[Ed. note: This is a guest post from Conor Kelley, founder of Kelley Catching. Conor is an author and catching coach living in Seattle. Find him on Twitter: @ByConorKelley]
I occupy a strange corner in the baseball world. Some days I train middle-school catchers struggling to catch pitches without falling over, other days college guys and minor leaguers looking to improve their pitch framing stats. I have a catching website, I write a blog on coaching catchers, and I’ve published a book on catching. So I watch a lot of catchers. And you know what? I love Mike Zunino. Friggin’ love him. He is good and seems like a good guy, too. He certainly seems to have all the intangibles a catcher needs. He's got great recall and the ability to interact appropriately with both his pitcher and the umpire; he makes adjustments, and deals well with pressure. Zunino has a nice toolbox upstairs.
But catching intangibles often get talked to death because of a lack of understanding of basic aspects of the position. Today I want to talk about one of those. The most basic one, actually: catching the baseball. And the small thing Mike Z’s not doing that matters a whole lot.
In order to understand Mike Z as a receiver, we need to look at his mechanics as well as the data. Take a look at his setup here.
Mike’s setup is very generic. Both his shoulders and his knees are directly facing the pitcher, and he doesn’t push his knees forward to sink low the way we watched Jesus Sucre do over the past few years. He only rarely sets up one on knee. If he were in a video game, his setup would be called Default Catcher 1.
This is very similar to how Scott Servais and Dan Wilson set up when they caught in the 90’s and early 2000’s. And there’s nothing wrong with that. Most of the best receivers in the game still use this basic stance. But while catchers’ setups may not have changed much, their receiving style has.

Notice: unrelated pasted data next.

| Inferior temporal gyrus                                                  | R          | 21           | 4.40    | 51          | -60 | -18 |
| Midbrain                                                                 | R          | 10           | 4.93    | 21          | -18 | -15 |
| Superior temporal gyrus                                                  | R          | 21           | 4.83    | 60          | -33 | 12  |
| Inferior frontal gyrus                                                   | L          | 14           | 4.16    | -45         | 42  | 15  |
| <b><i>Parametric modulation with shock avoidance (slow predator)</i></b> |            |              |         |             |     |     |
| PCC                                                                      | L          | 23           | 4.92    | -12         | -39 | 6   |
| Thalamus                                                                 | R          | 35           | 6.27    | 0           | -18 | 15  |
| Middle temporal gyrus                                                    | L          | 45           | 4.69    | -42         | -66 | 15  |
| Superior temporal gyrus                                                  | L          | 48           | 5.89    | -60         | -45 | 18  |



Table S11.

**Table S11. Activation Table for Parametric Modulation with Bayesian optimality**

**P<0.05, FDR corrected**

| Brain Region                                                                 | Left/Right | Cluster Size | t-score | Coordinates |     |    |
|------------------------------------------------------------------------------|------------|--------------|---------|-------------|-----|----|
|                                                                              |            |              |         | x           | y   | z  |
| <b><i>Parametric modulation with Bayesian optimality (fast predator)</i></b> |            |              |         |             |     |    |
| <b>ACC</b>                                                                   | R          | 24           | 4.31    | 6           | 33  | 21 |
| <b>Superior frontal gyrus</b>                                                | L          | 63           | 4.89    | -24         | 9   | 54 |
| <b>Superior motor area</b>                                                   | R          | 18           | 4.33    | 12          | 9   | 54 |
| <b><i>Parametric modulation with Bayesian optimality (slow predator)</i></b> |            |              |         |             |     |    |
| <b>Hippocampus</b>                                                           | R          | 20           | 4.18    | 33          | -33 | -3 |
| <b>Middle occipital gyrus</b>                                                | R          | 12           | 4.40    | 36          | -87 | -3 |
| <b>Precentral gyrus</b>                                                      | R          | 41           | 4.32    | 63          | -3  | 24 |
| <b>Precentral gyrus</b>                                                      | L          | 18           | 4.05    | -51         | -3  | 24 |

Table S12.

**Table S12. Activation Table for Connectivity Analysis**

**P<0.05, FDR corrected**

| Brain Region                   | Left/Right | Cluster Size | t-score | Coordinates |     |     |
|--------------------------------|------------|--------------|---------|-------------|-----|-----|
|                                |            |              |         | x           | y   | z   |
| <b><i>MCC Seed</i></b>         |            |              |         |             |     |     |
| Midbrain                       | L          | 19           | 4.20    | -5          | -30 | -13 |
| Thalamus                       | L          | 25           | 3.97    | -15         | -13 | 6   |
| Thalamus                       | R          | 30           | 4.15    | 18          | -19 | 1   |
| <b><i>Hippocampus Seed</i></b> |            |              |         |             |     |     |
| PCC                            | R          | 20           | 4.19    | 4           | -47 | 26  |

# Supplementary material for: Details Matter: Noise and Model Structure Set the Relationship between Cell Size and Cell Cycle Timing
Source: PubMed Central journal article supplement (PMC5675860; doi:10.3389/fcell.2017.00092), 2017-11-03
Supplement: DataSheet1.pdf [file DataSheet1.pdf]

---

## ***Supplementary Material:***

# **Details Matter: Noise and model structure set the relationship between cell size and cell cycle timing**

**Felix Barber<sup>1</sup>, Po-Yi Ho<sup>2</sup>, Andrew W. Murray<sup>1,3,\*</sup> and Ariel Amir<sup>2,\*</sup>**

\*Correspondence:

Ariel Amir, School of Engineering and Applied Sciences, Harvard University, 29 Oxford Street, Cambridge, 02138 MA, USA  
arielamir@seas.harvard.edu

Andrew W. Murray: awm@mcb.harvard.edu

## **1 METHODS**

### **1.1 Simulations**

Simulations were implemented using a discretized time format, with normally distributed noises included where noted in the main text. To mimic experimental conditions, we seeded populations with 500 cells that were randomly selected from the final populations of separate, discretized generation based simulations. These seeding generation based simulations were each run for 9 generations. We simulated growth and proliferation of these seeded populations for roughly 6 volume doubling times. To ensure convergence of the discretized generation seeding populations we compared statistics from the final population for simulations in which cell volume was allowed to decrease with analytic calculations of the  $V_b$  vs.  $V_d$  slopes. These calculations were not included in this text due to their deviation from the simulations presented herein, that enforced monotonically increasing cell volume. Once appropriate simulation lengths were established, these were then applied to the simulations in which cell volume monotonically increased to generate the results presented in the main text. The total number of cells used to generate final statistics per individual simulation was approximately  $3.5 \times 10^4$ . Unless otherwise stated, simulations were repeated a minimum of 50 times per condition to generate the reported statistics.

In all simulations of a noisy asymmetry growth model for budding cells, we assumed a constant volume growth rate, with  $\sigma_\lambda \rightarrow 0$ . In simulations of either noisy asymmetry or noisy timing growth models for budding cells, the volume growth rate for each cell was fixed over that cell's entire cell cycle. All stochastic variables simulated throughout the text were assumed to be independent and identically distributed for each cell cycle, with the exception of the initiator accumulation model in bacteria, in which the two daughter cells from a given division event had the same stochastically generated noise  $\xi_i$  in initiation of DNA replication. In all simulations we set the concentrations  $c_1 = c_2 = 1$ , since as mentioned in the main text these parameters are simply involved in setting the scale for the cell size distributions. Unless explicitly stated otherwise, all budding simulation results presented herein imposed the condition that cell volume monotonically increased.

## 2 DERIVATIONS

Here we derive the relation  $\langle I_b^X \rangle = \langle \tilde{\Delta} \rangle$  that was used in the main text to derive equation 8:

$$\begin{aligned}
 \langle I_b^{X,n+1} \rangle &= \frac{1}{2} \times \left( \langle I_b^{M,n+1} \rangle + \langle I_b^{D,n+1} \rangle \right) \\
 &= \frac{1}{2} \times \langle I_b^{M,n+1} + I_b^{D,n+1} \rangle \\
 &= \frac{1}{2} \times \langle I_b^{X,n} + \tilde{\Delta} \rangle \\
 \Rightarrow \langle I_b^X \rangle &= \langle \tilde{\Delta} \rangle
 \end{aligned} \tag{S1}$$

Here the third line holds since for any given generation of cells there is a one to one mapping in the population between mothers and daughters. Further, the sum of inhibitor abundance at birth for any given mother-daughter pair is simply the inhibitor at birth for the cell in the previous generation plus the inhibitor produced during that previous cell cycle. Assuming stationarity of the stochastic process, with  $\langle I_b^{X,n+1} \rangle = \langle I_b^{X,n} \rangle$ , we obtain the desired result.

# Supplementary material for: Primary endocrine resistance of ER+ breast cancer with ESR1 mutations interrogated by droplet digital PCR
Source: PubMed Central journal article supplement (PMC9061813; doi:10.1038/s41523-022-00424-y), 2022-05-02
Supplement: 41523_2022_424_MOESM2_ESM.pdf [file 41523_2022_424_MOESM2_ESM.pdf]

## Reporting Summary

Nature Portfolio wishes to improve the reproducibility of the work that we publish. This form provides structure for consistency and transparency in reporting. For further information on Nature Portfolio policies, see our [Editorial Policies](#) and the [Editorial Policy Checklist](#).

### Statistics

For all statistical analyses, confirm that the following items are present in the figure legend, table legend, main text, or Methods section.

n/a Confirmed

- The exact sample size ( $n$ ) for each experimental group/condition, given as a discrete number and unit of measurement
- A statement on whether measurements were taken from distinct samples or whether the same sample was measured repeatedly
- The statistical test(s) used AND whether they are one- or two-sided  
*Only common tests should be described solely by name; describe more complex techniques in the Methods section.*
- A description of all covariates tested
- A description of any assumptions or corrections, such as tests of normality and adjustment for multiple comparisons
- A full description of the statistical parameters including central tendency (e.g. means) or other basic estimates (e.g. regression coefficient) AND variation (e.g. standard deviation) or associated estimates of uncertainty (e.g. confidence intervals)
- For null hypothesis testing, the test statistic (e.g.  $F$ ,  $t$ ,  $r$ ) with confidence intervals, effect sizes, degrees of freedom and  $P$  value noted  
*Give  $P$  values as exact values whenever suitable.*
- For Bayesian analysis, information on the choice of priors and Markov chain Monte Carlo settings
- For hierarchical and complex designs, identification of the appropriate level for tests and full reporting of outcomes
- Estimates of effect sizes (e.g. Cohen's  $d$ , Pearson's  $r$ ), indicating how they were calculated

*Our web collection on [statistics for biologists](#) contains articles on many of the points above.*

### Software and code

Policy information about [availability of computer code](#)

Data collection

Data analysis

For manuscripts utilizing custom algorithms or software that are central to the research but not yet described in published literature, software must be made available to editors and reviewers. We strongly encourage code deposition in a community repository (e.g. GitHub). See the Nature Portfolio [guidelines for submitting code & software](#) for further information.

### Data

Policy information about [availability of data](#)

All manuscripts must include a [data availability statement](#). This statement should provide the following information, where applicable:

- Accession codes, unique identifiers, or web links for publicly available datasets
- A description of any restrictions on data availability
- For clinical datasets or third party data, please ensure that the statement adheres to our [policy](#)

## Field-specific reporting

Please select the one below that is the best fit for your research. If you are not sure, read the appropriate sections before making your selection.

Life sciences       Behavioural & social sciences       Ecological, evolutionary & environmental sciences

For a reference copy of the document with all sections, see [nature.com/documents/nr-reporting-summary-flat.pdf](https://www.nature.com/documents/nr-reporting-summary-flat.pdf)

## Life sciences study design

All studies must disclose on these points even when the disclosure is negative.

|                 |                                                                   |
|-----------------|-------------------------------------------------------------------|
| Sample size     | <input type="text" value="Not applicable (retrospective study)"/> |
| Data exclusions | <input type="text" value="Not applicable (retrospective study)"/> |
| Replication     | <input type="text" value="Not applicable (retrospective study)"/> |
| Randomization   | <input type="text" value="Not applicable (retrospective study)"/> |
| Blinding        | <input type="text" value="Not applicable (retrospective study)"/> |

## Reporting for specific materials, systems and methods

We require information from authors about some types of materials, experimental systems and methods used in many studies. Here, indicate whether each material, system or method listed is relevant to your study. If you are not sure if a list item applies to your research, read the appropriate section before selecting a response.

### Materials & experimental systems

“When Dan and I caught,” Servais said last spring, “it was more of an era where you were just supposed to catch it and hold it or stick it. Nowadays, guys are kind of learning to funnel the ball a little bit toward the strike zone.”
This notion of funneling has become popular over the last few years. Taking pitches that are borderline strikes, labeled striballs by the great Jerry Weinstein, and using a fluid motion to push them back to the corners of the zone.
Does Mike do this? Sort of.
Let’s call Zunino’s style The Push Up. For nearly every pitch, he starts with his glove underneath the path of the ball and catches it moving up toward the zone. If the pitch is a borderline strike around the bottom of the zone, he’ll continue pushing it upwards even after the ball makes contact with his glove. This keeps the downward trajectory of the pitch from pushing his glove down. His focus is very clearly on that bottom line:
“For me, I put a lot of emphasis low in the zone,” he says. “If I can handle that pitch low in the zone, bring it up and make it look presentable…that’s where we teach our guys to pitch.”
He’s not Coin Flipping that low pitch, a high-risk strategy Travis d’Arnaud showed off in the NLCS two years ago:
And he’s definitely not doing what Chris Iannetta did for us last year, and what we benefitted from James McCann doing for the Tigers last week, which is setting up with the glove too high and dragging borderline low strikes toward the ground.